Monday, August 13, 2012

9 Pentecost, Year B, 29 July 2012

2 Samuel 11:1-15; Psalm 14; Ephesians 3:14-21; Saint John 6:1-21

Preached by Rev. Lou Scales

You and I use the term “gifted” in much the same way Webster’s intended, that is, as an adjective, generally describing a person as having a natural ability or aptitude, or more notably describing someone with superior intelligence. With that kind of description, you and I generally think of the child prodigy whose talent and capabilities make them candidates for graduation from high school by the time they are 12 years old, and possessing masters’ degrees by the tender age of 15.

More cynically, we may even think of them compassionately with such observations as, “Oh, the poor dear will not have a normal childhood, no good friends, and will grow up without the normal childhood most of us come to label as good and desirable.” In fact, the most prevalent stereotype that comes to my mind is the somewhat condescending way we discuss “gifted” people as having enormous skills in difficult intellectual areas, but having very little of what we might call “common sense”. While they may be good at rocket science, they don’t possess the common sense, as it were, to “get in out of the rain”. In so many cases, people identified as “gifted” become targets of either our envy or our pity.

If this is, indeed, the case, I wonder what you might be thinking right now of Paul’s words to the Christians in Ephesus in general, and how we think about Paul’s observations and guidance today in particular.

I don’t know, but I suspect if someone asked you if you are a gifted person, you would probably mumble some kind of modest denial, and quickly try to shift the focus of the conversation. And you probably would do this for the very reasons we just mentioned. It would be considered rude and self-promoting to go around describing ourselves as gifted, because in routine conversation, we use the word “gifted” in much the same way we use the word “talented”. Since we generally understand “talented” to mean being better at something than most other people, it is generally prudent to be cautious about identifying ourselves in such a way.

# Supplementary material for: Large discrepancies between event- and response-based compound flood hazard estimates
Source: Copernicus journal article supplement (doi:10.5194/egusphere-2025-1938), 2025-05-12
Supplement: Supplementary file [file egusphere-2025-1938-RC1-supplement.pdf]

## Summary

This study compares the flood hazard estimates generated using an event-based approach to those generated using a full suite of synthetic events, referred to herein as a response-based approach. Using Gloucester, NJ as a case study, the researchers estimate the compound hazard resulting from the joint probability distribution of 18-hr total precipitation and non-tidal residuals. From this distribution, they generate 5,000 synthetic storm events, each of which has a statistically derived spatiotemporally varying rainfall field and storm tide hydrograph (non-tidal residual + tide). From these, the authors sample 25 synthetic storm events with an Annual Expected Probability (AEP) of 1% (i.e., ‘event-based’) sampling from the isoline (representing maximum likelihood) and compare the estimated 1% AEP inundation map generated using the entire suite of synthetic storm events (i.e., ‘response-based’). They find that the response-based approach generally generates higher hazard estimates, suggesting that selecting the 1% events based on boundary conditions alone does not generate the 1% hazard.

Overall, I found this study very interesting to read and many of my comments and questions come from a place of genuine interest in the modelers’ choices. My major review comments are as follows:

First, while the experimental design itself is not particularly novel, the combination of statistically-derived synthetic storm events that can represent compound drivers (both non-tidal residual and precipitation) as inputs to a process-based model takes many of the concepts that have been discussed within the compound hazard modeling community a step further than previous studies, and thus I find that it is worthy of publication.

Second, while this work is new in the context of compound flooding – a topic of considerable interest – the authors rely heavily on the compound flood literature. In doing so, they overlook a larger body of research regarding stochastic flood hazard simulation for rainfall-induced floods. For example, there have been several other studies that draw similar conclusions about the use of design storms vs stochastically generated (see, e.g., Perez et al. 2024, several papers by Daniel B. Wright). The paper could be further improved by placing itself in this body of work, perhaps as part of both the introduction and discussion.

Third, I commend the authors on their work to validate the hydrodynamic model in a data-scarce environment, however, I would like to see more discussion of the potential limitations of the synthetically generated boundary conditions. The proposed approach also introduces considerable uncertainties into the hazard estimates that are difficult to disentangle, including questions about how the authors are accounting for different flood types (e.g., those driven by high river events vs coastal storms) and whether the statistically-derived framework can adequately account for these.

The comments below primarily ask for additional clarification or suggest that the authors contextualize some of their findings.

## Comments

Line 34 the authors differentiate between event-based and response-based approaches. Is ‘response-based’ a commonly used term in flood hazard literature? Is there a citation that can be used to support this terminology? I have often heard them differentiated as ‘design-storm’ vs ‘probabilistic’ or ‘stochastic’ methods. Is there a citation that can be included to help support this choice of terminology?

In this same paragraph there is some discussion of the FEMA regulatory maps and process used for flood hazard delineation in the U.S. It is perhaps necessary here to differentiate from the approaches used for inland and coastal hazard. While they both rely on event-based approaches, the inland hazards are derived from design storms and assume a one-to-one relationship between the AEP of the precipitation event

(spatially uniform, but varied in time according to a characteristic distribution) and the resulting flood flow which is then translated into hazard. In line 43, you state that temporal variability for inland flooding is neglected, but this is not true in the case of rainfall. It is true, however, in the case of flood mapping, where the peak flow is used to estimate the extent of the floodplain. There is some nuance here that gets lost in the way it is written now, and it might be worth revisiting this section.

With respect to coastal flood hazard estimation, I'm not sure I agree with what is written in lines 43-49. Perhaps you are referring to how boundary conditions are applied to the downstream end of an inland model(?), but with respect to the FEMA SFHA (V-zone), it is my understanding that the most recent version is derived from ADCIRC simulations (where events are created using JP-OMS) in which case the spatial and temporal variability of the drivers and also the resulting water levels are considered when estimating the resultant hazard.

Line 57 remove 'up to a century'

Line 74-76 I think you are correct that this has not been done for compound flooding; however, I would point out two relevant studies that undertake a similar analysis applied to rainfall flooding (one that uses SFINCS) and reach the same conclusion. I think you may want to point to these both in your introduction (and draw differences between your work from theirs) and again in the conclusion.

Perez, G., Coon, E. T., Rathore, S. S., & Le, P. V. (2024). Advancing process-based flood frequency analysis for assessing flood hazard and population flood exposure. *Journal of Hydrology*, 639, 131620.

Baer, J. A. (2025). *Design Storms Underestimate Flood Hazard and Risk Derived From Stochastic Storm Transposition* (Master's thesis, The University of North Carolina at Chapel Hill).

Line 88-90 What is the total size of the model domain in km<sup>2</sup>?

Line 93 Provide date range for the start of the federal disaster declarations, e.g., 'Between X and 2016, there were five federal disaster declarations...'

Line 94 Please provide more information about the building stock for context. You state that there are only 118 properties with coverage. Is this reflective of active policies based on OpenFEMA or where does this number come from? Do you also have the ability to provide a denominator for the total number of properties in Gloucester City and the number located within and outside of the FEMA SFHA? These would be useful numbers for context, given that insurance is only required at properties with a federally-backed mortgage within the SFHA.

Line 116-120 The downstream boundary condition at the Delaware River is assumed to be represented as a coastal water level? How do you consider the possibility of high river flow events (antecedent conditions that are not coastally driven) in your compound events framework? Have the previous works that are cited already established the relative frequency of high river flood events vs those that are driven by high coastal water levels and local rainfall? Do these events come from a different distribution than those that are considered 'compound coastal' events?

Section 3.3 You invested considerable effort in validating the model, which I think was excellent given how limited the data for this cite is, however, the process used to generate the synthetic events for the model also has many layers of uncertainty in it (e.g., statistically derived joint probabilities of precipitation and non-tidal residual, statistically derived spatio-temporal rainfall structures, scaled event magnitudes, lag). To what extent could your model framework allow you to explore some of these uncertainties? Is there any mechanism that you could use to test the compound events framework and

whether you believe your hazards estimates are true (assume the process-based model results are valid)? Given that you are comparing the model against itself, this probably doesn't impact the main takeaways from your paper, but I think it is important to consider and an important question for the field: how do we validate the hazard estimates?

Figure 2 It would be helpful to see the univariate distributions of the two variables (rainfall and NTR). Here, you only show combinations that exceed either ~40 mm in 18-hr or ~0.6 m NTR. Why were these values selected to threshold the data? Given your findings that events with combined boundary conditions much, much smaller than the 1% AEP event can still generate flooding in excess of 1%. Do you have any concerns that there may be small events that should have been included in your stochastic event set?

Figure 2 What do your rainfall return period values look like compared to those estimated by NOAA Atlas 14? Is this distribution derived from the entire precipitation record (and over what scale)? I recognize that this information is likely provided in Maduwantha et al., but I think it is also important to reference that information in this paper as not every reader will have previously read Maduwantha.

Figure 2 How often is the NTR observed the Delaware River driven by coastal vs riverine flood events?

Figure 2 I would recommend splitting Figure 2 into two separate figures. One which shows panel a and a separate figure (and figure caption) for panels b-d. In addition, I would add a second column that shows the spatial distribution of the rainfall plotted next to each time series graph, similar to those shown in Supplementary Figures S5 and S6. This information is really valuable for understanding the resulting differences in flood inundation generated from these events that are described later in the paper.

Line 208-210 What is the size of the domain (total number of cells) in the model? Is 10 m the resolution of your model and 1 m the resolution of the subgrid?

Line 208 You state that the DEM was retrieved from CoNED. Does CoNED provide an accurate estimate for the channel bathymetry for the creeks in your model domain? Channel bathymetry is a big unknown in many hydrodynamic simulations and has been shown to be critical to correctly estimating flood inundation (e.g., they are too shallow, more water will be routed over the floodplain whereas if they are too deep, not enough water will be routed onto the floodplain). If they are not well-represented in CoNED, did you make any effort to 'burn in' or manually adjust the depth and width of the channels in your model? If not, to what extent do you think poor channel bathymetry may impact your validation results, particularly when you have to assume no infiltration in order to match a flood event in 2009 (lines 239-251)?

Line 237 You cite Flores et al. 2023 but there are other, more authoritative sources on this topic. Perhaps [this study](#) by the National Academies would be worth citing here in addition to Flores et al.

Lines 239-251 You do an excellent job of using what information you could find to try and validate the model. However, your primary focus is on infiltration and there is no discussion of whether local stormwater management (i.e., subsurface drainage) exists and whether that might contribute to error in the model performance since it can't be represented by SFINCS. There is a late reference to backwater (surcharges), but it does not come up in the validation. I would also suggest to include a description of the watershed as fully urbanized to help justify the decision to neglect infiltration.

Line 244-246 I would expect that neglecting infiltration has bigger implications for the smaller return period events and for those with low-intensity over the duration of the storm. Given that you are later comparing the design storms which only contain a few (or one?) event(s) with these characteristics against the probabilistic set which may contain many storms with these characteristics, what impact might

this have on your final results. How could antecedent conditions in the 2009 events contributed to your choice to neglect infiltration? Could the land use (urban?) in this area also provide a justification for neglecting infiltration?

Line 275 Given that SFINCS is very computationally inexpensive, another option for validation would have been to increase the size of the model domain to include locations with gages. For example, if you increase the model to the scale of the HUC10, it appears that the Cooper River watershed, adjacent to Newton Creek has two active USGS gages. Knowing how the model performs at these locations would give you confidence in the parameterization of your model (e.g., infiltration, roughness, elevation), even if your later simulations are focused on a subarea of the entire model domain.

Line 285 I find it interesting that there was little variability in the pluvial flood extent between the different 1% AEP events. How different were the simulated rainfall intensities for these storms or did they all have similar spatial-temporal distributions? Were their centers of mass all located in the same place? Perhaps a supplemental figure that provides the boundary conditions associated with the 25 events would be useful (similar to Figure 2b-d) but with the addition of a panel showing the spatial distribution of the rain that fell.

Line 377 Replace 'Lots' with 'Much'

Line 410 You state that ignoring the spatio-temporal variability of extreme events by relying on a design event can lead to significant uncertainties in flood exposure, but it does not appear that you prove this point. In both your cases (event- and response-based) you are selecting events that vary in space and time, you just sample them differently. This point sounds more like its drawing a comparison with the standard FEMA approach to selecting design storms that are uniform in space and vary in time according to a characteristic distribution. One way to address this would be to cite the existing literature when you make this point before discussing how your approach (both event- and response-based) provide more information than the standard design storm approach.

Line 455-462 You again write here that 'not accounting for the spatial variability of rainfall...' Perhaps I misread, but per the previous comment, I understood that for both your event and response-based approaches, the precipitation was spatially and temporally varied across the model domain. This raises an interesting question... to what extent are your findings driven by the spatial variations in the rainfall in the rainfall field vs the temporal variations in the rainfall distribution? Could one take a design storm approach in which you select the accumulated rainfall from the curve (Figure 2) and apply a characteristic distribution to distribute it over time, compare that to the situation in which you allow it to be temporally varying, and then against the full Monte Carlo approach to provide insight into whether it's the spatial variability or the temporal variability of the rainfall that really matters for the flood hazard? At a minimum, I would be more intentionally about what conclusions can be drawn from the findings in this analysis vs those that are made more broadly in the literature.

Fr. Frank Wade reminds us that “being gifted in the Biblical sense, is not the same thing as being talented. Not all of us are talented, but by God’s design, all of us are gifted. As you heard earlier, at the reading of the Second Lesson, Paul tells us, “..each of us was given grace according to the measure of Christ’s gift. The gifts he gave were that some would be apostles, some prophets, some evangelists, some pastors and teachers…” Obviously, these examples do not exhaust God’s gift list. There are many, many ways to be gifted by God.

One way to understand these gifts is to see them as the raw material and the tools God gives us for a certain purpose. And that purpose, about which Paul is very clear, is for building the Body of Christ. You see, this is not about how we use our gifts for our own benefit. It’s about how we use our gifts to benefit this community of faith.

Our gifts may well be the obvious ones that come to mind immediately ~ like abilities, aptitudes, interests and enthusiasms. Some are less obvious, like the insights we have gained in growing up where we did, when we did. These are the wonderful insights that may well have been born of hard times. They are the insights we have from enjoying affluence, or enduring poverty; of working for education, or overcoming addiction; of stepping up to take responsibility, or surviving abuse. The GIFTS of our race, culture, economics, religion ~ the gifts of our heritage are all part of what we have to work with in life. And they are gifts.

You may have the gift of being high-strung or laid back; happy, serious, depressed, concerned, anxious, eager, funny, emotional, supportive or confrontive. Some of these gifts are not necessarily ones we would choose, but we have them ~ they are what has been given to us to be about the business of life in this world as God’s people. Who you are, in fact, is God’s gift to you.